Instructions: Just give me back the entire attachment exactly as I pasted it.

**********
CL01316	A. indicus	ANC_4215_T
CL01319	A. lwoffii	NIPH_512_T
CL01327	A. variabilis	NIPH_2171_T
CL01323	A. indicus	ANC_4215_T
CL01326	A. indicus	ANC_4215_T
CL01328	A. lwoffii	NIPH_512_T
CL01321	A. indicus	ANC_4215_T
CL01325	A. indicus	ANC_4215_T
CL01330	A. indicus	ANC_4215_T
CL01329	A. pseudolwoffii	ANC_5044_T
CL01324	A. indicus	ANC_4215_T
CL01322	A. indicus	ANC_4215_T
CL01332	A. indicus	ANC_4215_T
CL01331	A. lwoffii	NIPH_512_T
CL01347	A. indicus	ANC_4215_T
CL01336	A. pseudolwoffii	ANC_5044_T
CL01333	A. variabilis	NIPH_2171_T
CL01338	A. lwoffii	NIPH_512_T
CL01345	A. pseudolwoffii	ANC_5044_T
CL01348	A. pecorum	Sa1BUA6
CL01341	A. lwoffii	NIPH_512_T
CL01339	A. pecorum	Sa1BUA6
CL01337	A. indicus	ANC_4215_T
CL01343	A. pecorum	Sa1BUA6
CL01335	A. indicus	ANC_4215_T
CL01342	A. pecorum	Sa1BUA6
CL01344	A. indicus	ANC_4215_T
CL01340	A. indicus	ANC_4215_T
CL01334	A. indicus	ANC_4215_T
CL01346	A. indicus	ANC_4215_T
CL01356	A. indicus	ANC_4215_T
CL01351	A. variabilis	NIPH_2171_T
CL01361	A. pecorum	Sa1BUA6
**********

CL01316	A. indicus	ANC_4215_T
CL01319	A. lwoffii	NIPH_512_T
CL01327	A. variabilis	NIPH_2171_T
CL01323	A. indicus	ANC_4215_T
CL01326	A. indicus	ANC_4215_T
CL01328	A. lwoffii	NIPH_512_T
CL01321	A. indicus	ANC_4215_T
CL01325	A. indicus	ANC_4215_T
CL01330	A. indicus	ANC_4215_T
CL01329	A. pseudolwoffii	ANC_5044_T
CL01324	A. indicus	ANC_4215_T
CL01322	A. indicus	ANC_4215_T
CL01332	A. indicus	ANC_4215_T
CL01331	A. lwoffii	NIPH_512_T
CL01347	A. indicus	ANC_4215_T
CL01336	A. pseudolwoffii	ANC_5044_T
CL01333	A. variabilis	NIPH_2171_T
CL01338	A. lwoffii	NIPH_512_T
CL01345	A. pseudolwoffii	ANC_5044_T
CL01348	A. pecorum	Sa1BUA6
CL01341	A. lwoffii	NIPH_512_T
CL01339	A. pecorum	Sa1BUA6
CL01337	A. indicus	ANC_4215_T
CL01343	A. pecorum	Sa1BUA6
CL01335	A. indicus	ANC_4215_T
CL01342	A. pecorum	Sa1BUA6
CL01344	A. indicus	ANC_4215_T
CL01340	A. indicus	ANC_4215_T
CL01334	A. indicus	ANC_4215_T
CL01346	A. indicus	ANC_4215_T
CL01356	A. indicus	ANC_4215_T
CL01351	A. variabilis	NIPH_2171_T
CL01361	A. pecorum	Sa1BUA6